Through the first four games, Lawson was rotating in at defensive end, and though he had his moments, he easily played his best game of his career against Ole Miss. He lived up to the hype and showed the raw talent that everybody had been raving about. The scary part is he's just beginning to tap into his potential.

“That guy is going to be a mammoth player by the time he leaves here,” defensive tackle Nosa Eguae said. “He’s just continuing to get better every single week. He’s like a sponge, he just soaks in everything. He asks a lot of questions. He just wants to be the best player he can be.”

Added teammate Gabe Wright: “Carl’s a man-child. There was nothing holding him back physically, it was just maybe a little bit mental. Carl’s a remarkable player. I’m sure the Auburn family and the media knows that now. He’s been doing that at practice consecutive days, and I’m proud of him. I couldn’t be more proud of him.”

After the game, Lawson was elated, but he knows he still has more work to do if he wants to be the best defensive end in college football. Saturday was just a start.

“It was a very good night,” Lawson said. “It means a lot, but I know there’s a lot of things I need to go fix and get ready for practice tomorrow.”
Auburn defensive tackle Jeffrey Whitaker will not return to the field this season and will receive a medical redshirt, Auburn coach Gus Malzahn said on Tuesday.

Whitaker started the last two seasons for the Tigers and was expected to be an anchor on the defensive line this year before he underwent surgery on his right knee during fall camp. The senior was working his way back but will now wait and return in 2014.

"Jeff has been playing banged up the last year or so anyway," Malzahn said. "I think it will be good for him to be healthy. That is our goal -- to get him healthy for next year and have a chance to have his best season."

In 35 appearances with Auburn, Whitaker had 44 tackles, three for a loss, and a forced fumble.

The staff recently moved Nosa Eguae from defensive end to defensive tackle, and he joins a rotation that includes two-year starter Gabe Wright, junior college transfer Ben Bradley and true freshman Montravius Adams.

Malzahn also announced on Tuesday that linebacker Justin Garrett will not play this weekend because of a foot injury. He has already missed three games this season, and the Auburn coach said Garrett will be "week-to-week" going forward.

On a more positive note, linebacker Cassanova McKinzy returned to practice Tuesday after suffering a neck injury over the weekend. He had to be carted off the field.

"That was a scary deal, and it looks like it is going to turn out good," Malzahn said.

The Tigers will host Western Carolina on Saturday at 1 p.m. CT.

Helmet stickers: Week 6

October, 6, 2013
AUBURN, Ala. -- The Auburn players had a week off to prepare for No. 24 Ole Miss, and it showed. The Tigers played well in all phases and pulled the upset, 30-22. Now let’s hand out some helmet stickers from the game.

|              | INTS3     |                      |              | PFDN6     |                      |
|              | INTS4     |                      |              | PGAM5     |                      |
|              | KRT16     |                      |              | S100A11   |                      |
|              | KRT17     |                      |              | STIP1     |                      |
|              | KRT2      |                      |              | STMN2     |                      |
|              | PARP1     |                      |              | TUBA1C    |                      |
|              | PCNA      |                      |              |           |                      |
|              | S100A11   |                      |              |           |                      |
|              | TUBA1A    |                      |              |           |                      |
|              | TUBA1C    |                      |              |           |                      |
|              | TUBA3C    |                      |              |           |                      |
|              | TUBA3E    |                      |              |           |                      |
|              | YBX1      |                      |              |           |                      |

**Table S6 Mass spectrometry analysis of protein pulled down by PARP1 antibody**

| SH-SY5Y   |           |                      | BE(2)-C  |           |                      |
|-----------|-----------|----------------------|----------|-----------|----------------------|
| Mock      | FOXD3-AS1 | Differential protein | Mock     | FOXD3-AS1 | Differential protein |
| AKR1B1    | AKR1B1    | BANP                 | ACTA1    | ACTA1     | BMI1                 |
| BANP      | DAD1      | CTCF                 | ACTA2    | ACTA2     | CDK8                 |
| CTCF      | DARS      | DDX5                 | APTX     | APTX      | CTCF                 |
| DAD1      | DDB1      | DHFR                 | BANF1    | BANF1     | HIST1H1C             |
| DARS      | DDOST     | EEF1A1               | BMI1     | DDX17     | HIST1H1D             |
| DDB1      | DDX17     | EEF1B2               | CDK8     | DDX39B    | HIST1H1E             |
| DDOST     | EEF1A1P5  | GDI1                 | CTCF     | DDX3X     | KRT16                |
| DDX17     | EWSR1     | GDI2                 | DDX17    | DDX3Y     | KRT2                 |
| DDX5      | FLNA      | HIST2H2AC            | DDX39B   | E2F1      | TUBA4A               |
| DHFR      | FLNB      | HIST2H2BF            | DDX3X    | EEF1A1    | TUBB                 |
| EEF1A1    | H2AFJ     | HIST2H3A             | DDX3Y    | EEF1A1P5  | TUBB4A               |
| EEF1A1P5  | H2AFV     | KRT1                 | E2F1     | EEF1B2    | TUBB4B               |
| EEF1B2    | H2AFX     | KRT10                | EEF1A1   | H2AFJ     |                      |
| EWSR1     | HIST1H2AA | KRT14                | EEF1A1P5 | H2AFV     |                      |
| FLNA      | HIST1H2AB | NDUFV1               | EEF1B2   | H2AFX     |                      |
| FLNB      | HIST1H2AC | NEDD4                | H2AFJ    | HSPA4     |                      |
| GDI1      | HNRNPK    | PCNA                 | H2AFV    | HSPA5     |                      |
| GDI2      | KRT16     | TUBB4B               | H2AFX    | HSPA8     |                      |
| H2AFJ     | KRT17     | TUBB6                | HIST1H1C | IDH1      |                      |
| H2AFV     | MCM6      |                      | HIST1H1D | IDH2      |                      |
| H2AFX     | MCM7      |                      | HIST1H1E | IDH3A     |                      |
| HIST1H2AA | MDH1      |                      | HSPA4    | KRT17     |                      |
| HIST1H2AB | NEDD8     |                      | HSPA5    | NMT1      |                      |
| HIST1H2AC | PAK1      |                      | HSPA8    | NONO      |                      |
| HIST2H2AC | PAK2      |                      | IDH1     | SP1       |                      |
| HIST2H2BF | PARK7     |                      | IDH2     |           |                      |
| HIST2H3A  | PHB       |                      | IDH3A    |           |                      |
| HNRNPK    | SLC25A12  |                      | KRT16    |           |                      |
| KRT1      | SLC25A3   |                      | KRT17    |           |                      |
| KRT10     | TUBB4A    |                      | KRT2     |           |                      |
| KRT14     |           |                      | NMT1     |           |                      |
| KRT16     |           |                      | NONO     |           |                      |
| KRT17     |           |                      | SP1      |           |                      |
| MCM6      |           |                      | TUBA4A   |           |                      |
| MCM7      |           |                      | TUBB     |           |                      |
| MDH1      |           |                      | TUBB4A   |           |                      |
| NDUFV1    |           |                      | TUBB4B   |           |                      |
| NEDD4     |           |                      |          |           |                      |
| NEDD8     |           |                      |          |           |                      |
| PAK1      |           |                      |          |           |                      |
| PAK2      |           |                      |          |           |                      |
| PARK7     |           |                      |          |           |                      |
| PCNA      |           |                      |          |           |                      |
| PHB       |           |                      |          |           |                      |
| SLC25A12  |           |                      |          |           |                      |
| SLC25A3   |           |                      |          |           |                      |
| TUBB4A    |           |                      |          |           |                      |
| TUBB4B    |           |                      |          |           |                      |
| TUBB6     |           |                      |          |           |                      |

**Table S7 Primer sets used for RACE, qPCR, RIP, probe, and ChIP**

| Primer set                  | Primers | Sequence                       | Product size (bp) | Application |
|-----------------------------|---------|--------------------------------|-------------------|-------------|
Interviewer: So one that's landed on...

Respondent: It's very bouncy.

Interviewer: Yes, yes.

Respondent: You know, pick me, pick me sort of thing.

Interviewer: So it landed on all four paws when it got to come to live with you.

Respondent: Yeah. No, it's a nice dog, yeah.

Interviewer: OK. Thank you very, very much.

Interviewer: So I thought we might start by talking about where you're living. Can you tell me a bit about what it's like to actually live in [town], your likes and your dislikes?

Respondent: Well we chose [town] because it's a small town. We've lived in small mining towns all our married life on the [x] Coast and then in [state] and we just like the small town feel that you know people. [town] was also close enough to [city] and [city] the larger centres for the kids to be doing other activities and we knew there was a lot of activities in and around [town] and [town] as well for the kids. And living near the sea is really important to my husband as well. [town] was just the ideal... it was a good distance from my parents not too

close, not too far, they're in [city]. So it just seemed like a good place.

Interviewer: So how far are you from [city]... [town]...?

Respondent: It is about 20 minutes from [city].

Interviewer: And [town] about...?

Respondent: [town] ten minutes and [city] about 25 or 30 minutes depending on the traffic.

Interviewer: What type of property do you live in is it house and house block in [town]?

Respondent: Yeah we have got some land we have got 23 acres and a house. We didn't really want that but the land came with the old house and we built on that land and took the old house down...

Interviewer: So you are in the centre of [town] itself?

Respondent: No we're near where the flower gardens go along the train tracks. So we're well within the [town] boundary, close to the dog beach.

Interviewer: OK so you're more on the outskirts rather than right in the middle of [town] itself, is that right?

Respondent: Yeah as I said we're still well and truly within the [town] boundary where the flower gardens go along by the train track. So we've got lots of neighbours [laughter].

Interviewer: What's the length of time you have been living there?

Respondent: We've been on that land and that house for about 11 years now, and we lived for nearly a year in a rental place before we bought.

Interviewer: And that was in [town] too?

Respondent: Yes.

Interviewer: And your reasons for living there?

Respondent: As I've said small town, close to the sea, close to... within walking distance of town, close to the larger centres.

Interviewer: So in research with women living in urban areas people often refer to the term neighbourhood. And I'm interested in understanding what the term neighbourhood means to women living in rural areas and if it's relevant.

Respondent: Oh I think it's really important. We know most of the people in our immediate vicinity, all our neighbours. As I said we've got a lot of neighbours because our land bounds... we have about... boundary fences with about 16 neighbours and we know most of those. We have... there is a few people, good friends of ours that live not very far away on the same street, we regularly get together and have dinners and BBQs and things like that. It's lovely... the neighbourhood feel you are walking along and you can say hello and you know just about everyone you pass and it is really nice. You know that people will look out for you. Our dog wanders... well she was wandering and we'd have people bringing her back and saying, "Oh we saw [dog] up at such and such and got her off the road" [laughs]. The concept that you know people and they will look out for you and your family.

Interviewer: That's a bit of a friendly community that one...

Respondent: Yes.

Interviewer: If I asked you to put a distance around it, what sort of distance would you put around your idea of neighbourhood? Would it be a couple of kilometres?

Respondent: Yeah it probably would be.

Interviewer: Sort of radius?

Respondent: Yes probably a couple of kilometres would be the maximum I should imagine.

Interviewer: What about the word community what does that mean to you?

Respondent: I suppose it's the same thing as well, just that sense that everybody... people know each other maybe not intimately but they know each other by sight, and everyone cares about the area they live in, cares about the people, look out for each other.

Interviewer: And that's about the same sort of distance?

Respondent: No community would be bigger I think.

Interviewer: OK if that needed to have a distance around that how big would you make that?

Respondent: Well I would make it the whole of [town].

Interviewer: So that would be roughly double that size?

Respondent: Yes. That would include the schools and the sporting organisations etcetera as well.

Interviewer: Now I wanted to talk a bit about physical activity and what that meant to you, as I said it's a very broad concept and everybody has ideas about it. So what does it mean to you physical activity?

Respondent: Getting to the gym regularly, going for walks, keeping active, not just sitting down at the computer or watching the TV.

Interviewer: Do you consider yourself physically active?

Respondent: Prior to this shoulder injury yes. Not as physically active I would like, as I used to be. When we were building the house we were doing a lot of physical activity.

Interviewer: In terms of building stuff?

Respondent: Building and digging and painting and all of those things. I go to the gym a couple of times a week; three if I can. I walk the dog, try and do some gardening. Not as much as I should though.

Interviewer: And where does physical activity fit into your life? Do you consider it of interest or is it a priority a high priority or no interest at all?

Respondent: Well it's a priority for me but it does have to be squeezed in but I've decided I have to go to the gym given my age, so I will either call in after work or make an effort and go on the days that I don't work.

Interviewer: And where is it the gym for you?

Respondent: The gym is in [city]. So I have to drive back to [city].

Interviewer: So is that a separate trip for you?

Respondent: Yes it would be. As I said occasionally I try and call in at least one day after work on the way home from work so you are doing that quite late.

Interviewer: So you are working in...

QB Nick Marshall: Looking at the stat line -- 11 of 17 for 93 yards passing -- it doesn’t look like Marshall deserves to be on this list. But it was what he did with his legs that earned him a helmet sticker. The dual-threat quarterback ran 14 times for 140 yards and two touchdowns. He became the first Auburn signal caller to rush for more than 100 yards since Cam Newton did it against Georgia in 2010, and he’s also the fourth different AU player to rush for more than 100 yards in a game this season, a first in school history. Marshall had only 148 yards rushing with no scores through the first four games, but he nearly matched it with Saturday’s performance.

The Auburn defensive line: Ole Miss quarterback Bo Wallace threw for 336 yards Saturday, but he also was running for his life most of the night. Auburn finished with 17 quarterback hurries and sacked Wallace six times. It was as many sacks as the Tigers had all of last season. But it’s hard to single out just one player. Starters Dee Ford and Gabe Wright each had two sacks, and true freshman Carl Lawson recorded the first two sacks of his young career, including one late that put the game away. Nosa Eguae, starting for the first time at defensive tackle, also played a solid game, with three tackles and 1.5 stops for loss.

DB Robenson Therezie: It was the play of the game. With Ole Miss driving to tie or take the lead late in the first quarter, Therezie intercepted a short pass and returned it 78 yards for a touchdown. Auburn went up 13-3, and the Rebels were forced to play catch-up the rest of the way. It was Therezie’s third interception of the season and his first since the season opener. Known for making plays, he made the biggest one of the season for this Auburn defense. Therezie also drew the assignment of having to cover Ole Miss wide receiver Laquon Treadwell for most of the night, and he held the star freshman to just four catches for 45 yards.

Honorable mention: RB Tre Mason


The Real Deal: Nick Marshall
Auburn QB Nick Marshall shined in the Tigers' spring game, throwing four touchdowns in just two quarters in front of a crowd of over 70,000 fans.Tags: Oscar Meyer, The Real Deal, Auburn, Nick Marshall